Tag Archives: Record Industry

How Nirvana Helped Me, Even Though I Don’t Like Their Records

I don’t especially like Nirvana. At some points in my life, I’ve down right hated them. In my experience they have often served as a trump card for someone who didn’t put much thought into their musical tastes. Everyone knows at least a couple of their songs and therefore they become an easy “in” for someone who actually has nothing to add to the conversation. Here’s a good story: One time on my radio (or college PA system) show, I made the comment “Nirvana sucks. Their records were nothing special.” Within in minutes I had a foaming frat boy type yelling at me through the booth window, not only about my opinion but about using the term “record” when everyone had CDs or MP3s. In reaction to this, I cut into the song and explained to him on air that “record” was a general term for any recording and that he must have mistaken it for “vinyl.” This was the only time in 3 years that anyone had aggressively reacted to anything I said, and boy did I make some inflammatory comments during my tenure.

At this point in my life, my opinion of Nirvana is simple. They made solid pop records and had the right people hear them at the right time. The argument oft used by Mtv and VH-1 that Nirvana tapped into some sort of social aggression that occurred at that time is clearly bullcorn (another 5 points for getting that reference) and if you listen to their albums you can clearly hear that they did nothing that hadn’t been done before (or better, for that matter).

Even though they are not the band they are frequently made out to be, Nirvana did do something very important. For years after their rise to the top, record labels searched for the “next Nirvana.” This means that tons great of bands got more promotion and better record deals than they would have in any other era. Some became huge (i.e. Pearl Jam, who I personally believe would be the bigger reference point had Cobain not decided to kill himself) and some simply got to play in front of larger crowds. In this point I take solace; Nirvana probably did more good than bad for popular music. Without Nirvana I doubt I ever would have heard Veruca Salt or Green Day (who may end up warranting an entry of their own) or even Alanis Morissette on the radio, and I can’t imagine how different my taste in music would be today.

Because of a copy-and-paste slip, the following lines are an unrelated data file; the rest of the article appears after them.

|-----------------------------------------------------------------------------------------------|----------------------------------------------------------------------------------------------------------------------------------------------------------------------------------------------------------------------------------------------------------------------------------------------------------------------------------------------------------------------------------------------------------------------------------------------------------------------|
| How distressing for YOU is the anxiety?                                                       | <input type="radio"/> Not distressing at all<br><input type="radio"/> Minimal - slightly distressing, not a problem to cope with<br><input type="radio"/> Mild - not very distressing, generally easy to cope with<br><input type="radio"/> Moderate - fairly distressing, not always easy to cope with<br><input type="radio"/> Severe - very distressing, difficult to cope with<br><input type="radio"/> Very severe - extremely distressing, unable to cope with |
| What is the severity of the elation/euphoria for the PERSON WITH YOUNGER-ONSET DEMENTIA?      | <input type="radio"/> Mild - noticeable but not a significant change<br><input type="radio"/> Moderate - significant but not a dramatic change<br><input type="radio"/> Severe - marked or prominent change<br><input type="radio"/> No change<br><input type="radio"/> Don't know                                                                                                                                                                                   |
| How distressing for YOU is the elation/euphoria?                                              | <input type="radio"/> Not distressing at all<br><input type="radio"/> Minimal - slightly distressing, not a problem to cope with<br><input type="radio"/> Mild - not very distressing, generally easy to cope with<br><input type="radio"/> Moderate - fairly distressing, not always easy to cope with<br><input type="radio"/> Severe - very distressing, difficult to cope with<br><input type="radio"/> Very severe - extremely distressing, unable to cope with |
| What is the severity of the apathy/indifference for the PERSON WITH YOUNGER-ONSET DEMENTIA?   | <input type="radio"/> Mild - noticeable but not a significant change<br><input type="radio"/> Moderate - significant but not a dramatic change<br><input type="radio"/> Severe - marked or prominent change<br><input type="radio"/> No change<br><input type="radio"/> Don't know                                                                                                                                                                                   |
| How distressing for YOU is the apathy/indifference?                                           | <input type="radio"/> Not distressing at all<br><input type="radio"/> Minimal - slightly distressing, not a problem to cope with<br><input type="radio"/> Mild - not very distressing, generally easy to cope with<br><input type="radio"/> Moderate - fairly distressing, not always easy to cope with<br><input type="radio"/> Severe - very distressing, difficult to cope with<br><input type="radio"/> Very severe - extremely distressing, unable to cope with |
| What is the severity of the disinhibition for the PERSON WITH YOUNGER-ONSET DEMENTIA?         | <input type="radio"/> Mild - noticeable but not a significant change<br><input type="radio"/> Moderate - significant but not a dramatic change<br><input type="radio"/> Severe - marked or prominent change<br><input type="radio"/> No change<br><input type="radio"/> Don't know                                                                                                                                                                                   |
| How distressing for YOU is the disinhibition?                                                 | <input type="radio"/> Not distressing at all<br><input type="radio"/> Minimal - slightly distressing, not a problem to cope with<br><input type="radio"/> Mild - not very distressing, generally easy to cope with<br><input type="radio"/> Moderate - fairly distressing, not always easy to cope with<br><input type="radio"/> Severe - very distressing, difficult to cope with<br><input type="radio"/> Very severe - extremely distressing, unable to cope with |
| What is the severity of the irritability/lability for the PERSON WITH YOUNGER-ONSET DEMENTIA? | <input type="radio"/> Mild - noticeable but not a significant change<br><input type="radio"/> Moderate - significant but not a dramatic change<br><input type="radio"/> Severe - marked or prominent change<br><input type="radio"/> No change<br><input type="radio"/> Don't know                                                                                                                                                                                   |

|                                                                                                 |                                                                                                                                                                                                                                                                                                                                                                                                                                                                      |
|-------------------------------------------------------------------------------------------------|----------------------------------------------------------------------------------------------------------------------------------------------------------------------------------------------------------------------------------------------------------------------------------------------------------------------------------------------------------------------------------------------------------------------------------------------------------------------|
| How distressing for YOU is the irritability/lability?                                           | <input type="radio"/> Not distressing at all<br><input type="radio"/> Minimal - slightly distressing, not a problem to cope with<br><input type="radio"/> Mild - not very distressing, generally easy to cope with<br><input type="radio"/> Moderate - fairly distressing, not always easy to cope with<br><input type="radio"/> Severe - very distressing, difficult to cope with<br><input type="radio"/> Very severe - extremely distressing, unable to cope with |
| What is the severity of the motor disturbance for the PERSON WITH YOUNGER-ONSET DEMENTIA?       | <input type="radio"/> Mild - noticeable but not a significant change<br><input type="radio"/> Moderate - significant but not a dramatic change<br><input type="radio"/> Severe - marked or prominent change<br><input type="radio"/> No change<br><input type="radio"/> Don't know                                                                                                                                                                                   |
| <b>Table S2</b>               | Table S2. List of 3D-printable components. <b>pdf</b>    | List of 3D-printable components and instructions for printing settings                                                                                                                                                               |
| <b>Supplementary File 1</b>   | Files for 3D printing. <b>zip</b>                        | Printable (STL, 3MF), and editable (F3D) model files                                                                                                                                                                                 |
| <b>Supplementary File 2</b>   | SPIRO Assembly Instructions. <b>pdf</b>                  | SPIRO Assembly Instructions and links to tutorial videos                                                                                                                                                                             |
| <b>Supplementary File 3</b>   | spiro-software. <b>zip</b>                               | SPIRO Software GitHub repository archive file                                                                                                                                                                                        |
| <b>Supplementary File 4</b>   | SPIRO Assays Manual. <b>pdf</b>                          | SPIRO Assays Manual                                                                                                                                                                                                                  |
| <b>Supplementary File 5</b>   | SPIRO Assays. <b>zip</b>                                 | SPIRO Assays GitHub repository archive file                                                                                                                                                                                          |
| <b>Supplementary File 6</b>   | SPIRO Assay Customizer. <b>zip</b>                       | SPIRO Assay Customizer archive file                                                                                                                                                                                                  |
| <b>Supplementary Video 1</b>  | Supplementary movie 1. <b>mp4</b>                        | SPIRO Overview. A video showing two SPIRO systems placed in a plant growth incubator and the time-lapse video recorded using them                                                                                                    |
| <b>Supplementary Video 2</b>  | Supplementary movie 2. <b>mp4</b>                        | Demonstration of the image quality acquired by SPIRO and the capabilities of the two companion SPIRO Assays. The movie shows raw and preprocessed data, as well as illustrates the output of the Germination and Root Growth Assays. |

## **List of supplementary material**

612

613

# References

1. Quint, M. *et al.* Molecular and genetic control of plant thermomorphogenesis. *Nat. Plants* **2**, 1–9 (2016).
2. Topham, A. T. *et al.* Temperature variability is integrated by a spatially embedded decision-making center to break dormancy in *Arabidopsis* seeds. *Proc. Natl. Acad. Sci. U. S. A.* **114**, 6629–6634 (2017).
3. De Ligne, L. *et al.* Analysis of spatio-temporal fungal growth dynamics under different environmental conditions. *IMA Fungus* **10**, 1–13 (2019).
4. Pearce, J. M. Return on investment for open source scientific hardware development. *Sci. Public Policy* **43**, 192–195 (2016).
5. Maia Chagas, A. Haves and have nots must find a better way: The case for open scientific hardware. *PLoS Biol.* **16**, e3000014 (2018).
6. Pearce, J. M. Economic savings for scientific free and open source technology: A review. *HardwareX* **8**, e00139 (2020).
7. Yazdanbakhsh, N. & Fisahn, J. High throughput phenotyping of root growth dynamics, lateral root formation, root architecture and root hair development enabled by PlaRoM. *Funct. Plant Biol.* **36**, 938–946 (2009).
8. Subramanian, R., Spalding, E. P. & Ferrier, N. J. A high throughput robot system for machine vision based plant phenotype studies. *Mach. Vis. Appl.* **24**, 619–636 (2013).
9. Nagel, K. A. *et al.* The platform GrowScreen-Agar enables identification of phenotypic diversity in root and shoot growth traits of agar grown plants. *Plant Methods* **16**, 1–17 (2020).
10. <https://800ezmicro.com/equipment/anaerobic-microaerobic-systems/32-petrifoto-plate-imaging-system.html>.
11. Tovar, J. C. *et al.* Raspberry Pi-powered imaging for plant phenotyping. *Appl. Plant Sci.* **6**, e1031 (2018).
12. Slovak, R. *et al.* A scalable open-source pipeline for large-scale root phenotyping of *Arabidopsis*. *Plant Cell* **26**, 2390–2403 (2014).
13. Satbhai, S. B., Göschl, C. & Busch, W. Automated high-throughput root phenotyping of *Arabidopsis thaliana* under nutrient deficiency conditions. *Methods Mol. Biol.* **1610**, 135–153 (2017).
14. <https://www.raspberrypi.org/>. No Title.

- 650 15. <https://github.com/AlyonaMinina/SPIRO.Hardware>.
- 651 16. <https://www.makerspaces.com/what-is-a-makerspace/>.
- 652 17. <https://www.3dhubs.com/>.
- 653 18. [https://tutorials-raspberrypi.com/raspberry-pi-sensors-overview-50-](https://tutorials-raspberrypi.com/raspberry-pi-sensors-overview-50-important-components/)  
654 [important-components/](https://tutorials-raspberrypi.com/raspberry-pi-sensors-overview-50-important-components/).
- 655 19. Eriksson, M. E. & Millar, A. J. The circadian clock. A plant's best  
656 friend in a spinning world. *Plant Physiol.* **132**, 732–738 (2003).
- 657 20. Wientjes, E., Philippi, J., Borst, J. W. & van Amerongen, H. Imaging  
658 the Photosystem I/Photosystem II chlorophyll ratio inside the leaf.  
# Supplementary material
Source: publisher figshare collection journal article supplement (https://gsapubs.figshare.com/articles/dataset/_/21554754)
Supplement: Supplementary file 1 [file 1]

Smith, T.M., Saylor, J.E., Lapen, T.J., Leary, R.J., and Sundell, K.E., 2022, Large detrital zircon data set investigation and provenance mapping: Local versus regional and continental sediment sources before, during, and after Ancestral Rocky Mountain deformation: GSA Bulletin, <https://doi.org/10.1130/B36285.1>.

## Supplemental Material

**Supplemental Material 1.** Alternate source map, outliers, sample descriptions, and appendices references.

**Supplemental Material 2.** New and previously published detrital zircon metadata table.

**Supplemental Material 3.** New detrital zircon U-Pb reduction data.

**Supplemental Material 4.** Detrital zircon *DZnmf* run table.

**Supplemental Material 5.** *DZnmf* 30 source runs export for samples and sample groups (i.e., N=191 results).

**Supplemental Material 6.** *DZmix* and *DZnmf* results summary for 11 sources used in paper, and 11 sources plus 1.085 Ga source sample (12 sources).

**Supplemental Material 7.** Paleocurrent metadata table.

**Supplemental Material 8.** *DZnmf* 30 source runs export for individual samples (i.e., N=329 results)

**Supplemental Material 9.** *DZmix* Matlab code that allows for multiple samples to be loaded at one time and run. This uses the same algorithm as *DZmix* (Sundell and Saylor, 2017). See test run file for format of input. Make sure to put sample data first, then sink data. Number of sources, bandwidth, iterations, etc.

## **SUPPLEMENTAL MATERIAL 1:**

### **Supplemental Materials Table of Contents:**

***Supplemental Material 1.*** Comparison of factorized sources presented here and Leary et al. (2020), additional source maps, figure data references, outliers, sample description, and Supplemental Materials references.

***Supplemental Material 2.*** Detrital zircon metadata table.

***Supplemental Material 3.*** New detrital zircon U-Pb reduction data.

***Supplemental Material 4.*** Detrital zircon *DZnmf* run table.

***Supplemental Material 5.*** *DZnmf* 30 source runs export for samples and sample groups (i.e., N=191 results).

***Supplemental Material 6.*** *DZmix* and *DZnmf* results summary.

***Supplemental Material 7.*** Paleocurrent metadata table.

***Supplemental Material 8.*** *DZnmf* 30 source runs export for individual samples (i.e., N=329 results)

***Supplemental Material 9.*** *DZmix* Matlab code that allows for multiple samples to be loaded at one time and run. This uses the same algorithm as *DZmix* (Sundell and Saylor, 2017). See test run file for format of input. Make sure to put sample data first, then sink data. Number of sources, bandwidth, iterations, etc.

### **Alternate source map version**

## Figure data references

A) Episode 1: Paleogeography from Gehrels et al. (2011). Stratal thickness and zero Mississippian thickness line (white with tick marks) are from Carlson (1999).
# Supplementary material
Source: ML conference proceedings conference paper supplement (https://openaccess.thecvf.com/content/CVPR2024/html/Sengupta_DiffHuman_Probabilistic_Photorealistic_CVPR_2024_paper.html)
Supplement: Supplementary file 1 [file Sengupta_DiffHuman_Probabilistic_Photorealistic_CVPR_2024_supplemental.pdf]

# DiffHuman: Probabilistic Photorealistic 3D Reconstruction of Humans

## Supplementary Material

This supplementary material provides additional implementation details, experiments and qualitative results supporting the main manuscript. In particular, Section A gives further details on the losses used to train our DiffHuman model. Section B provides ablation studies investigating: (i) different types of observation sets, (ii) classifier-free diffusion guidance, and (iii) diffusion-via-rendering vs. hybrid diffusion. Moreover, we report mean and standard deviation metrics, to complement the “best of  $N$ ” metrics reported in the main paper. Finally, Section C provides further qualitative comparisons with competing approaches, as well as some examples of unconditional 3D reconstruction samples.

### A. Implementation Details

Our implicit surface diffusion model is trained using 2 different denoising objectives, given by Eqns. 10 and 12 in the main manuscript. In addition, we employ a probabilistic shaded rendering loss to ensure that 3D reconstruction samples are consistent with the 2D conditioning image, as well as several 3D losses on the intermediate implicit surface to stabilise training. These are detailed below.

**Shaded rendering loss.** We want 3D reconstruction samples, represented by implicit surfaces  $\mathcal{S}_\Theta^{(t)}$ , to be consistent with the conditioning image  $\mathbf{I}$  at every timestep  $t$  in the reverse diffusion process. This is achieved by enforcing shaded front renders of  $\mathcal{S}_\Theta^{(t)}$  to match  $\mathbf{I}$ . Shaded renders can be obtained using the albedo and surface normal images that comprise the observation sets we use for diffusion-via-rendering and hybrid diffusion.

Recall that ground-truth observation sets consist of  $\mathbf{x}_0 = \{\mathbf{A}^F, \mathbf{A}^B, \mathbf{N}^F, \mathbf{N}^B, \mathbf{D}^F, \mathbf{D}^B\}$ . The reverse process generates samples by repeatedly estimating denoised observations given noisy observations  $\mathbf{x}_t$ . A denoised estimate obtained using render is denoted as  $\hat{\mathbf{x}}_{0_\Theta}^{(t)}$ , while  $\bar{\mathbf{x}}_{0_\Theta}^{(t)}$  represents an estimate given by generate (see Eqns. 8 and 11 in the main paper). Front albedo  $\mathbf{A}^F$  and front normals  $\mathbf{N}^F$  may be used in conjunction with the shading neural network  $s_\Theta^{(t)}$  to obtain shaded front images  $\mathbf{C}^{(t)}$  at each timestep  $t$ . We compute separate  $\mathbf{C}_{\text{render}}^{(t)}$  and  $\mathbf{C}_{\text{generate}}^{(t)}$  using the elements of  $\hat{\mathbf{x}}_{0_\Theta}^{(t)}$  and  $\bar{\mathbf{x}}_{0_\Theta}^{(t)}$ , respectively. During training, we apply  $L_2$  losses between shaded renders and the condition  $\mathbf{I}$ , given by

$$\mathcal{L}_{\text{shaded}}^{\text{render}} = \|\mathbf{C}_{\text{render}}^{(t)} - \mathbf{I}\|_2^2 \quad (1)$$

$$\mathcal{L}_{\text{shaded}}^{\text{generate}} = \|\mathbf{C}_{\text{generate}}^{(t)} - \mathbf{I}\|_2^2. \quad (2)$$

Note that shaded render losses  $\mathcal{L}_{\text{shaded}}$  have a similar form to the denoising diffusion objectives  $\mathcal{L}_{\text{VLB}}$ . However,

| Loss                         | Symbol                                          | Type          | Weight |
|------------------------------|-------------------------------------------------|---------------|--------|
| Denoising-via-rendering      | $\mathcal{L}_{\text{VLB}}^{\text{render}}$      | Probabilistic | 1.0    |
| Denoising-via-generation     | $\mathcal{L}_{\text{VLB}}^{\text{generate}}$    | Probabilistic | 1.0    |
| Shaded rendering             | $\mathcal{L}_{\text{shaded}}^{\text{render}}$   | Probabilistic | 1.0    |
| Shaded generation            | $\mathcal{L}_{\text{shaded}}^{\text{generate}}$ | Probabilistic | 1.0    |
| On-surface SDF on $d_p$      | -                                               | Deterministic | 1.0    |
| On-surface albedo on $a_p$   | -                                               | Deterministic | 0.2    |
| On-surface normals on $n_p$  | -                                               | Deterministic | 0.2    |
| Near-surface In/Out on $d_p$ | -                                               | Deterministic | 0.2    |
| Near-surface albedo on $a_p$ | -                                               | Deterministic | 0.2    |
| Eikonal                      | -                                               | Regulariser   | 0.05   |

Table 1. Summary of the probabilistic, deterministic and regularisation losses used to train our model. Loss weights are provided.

This leads to my point and hopefully a new layer to the argument we have here. Though this may shock some of you, some people do listen to the radio to find new music. Unfortunately, record labels and the large media companies tend to stick with what “works”, meaning for the foreseeable future we will continue to get the half assed show tunes of Fall Out Boy, the unbearable yelling of Beyonce and the wannabe tough guy rock of Nickelback. However, Nirvana proved that if one intriguing artist with (and this is important) a different sound can sneak in, it can have a positive impact for years to come. I had actually hoped this would happen with Against Me!, but even they were castrated by their producers on their “Major Label Debut.” That said, I doubt any of us can predict the next truly break through artist. If MP3s don’t end up having an impact that completely changes the landscape, it is only a matter of time before we get our “next Nirvana”. Until that day, our musical journeys will continue without the help of large corporations.

Before I conclude, let me make a note. The Beatles also changed the landscape on their arrival and I was not ignoring them during this. The problem is that The Beatles have had such an expansive impact that it isn’t fair to expect that to ever happen again. As I said before, without complete restructuring of the music industry their WILL be a “next Nirvana”, but there probably will never be another band like The Beatles. God bless the internet, and long live rock and roll.

-Vinny

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